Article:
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Choosing a color for my room felt like there was a little girl sitting with me, who did not grow up with the space she needed, helping me make a choice to sustain us both.
Dana Rodriguez for Vox

The best $79 I ever spent: Paint for my very own bedroom walls

The idea that I could help myself recover was unknown to me. Then I decided to paint my room.

Begin. In the middle of a pandemic. Buy three buckets of paint. One 5-liter bucket of white paint for the ceiling and two 10-liters of paint for the walls. Choose a color you would paint a room to symbolize a new beginning. As many coats of cream white paint as needed to silence dirty baby blue walls. Paint. Hang a framed black-and-white photographic portrait. Purchase new sheets. Discover the womb of your healing. Create the space to love yourself. Start again.

I was raised by my unemployed, widowed mother in our three-bedroom home in a small suburb in Johannesburg, South Africa. There was only one bedroom for both my younger sister and me. It had two single beds and an antique chest of drawers that housed our underwear, socks, and pajamas between mulberry-painted walls. While I have reverence for the room for providing a safe space for my sister and me to share secrets since I was about 9 years old, sharing a very intimate space with someone else meant having no intimate moments alone. It was dreadful having to wait until my face was facing the wall right before I fell asleep to be able to cry. There was nowhere for me to feel anything that demanded to be felt, because I had to think of my younger sister’s feelings before I could even welcome my own.

I was incredibly lonely because I am an awkward, quirky Black girl and the eldest daughter, who was often barred from excitedly telling others about how happy her hobbies made her. Maybe I struggled to, because it all deviated from what is defined and accepted as culturally Black, or African. So I sat alone in the library and read fiction. I was isolated, with hundreds of thoughts, judging and belittling me for being me. I never learned to ask for help — not even from myself. My family never looked to objects and spaces that our hands can dismantle as easily as they can build them; when you were struggling, you had to remember to pray. The idea that I could help myself recover was unknown.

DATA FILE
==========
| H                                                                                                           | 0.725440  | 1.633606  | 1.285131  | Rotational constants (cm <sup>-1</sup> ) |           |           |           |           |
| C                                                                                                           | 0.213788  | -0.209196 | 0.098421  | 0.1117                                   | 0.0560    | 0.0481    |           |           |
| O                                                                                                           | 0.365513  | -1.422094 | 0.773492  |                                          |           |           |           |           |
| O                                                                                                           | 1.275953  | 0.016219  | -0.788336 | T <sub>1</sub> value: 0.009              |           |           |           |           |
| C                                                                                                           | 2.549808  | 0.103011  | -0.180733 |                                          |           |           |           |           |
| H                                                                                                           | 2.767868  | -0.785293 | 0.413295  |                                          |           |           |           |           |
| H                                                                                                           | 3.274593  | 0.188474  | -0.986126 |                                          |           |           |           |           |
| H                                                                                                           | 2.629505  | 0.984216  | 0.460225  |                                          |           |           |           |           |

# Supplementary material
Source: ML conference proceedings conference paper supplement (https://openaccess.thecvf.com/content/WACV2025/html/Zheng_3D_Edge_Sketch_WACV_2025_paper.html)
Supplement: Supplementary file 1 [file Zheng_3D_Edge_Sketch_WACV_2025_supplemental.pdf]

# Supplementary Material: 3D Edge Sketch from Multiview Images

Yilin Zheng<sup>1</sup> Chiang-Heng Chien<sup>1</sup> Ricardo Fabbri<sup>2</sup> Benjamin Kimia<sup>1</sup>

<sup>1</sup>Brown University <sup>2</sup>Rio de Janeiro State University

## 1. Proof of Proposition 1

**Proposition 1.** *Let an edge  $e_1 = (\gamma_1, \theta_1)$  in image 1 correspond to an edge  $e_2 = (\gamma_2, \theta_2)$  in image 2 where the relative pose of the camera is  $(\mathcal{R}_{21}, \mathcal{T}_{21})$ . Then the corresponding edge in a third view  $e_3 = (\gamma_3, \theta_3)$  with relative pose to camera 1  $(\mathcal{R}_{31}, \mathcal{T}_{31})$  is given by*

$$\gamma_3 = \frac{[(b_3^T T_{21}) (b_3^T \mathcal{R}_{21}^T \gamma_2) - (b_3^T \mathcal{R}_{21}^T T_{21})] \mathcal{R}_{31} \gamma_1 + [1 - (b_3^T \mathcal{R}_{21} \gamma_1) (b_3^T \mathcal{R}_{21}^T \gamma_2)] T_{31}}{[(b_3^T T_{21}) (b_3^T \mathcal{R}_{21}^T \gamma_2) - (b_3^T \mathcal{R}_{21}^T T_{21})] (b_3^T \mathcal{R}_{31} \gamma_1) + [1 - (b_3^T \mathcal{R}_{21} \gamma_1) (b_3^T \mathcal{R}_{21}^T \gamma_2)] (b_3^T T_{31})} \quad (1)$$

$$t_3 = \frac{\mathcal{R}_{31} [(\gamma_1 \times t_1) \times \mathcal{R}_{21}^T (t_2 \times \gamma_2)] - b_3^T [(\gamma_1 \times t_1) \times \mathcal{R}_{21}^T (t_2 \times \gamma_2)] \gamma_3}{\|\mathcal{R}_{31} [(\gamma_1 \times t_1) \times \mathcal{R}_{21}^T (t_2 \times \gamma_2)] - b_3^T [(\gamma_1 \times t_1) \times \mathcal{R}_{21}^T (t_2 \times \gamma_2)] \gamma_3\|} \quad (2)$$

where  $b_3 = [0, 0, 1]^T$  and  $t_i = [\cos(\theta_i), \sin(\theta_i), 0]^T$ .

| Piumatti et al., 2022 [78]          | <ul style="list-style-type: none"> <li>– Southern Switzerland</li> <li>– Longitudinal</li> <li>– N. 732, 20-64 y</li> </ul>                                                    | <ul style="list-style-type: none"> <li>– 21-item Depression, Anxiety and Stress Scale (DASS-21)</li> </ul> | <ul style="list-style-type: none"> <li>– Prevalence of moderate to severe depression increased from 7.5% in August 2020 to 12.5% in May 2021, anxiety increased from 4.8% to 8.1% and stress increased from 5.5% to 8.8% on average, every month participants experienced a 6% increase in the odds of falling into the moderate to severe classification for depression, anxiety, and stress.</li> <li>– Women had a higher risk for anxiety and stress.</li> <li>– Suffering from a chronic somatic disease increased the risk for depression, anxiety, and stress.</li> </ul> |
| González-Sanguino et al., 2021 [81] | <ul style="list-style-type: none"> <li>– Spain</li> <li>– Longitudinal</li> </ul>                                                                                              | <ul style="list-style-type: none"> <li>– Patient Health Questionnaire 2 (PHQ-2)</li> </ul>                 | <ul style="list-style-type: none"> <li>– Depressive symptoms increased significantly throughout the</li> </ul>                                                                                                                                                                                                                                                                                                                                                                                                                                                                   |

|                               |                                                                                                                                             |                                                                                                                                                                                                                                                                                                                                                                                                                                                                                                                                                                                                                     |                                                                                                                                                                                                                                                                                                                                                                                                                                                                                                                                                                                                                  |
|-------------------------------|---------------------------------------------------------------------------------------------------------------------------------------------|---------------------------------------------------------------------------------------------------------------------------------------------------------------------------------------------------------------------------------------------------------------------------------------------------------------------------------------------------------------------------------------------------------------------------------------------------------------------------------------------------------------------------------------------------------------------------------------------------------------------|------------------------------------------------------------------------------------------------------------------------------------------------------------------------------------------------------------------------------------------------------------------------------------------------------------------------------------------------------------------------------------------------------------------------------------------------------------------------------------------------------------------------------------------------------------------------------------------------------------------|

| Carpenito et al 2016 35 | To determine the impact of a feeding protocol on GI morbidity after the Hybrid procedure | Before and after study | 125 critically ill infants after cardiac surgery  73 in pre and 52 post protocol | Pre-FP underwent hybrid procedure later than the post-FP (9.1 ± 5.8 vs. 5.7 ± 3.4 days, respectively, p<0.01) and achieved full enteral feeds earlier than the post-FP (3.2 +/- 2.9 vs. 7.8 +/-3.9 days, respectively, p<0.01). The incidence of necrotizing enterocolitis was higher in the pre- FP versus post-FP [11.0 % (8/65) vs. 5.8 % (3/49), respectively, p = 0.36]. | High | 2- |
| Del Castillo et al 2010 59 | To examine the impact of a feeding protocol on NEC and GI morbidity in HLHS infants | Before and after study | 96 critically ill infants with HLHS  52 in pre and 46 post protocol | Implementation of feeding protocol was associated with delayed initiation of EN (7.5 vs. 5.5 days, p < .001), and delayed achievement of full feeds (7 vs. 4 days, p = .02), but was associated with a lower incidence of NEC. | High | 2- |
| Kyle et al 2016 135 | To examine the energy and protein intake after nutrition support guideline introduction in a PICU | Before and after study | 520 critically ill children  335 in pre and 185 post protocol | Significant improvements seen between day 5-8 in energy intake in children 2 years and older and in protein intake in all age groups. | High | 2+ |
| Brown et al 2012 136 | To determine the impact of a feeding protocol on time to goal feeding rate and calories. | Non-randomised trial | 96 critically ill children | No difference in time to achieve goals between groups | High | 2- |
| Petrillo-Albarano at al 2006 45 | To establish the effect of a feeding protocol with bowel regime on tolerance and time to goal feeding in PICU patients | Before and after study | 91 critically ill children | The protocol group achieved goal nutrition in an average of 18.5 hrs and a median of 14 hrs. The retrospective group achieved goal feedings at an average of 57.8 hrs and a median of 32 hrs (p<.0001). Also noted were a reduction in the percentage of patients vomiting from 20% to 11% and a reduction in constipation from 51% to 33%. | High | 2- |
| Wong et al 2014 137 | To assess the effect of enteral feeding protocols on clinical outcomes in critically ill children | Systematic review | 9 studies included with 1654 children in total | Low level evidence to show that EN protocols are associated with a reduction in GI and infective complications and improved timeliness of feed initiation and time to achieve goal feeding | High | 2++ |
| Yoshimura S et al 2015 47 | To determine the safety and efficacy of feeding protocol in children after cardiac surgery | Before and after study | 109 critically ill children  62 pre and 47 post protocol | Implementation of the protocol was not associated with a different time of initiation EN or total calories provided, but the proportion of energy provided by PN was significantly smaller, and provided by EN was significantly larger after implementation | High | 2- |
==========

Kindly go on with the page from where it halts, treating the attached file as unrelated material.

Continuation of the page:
I was so alone that when my brother passed down his bedroom to me, just before I turned 18 years old, all I had was a double bed on its base between the four dirty baby blue walls that bore his exhaustion. I was okay with the bed and nothing more for about two years.

The state of the bedroom itself was crying for a functional body. The space was crowded and seeing unwashed cups heightened that feeling. I had to do something about the clothes that lay on the floor for days — the first thing I saw in the morning, the sight overwhelming me — and start asking myself for help.

So much of me needed so much more than a bed that only provided physical rest. So much of me needed mending. So much of me needed to do more, to be more in the process of mending myself. I wonder why I occupied the bedroom and did not play Alessia Cara’s debut album out loud? Why did I not bring in a desk and a chair to write? I had to stop yearning and seeking for what I desperately needed by spending hours elsewhere, when the sacredness of the mundane in my daily life could bring joy.

My grandmother and mother may have had prayer only to rely on, but while struggling to pray I had to ask myself what I had. At the time I did not know that learning to take care of myself would begin with routinely sweeping the floor. I looked around for a fresh start in what I had — something many of the women before me never had, a bedroom of their own.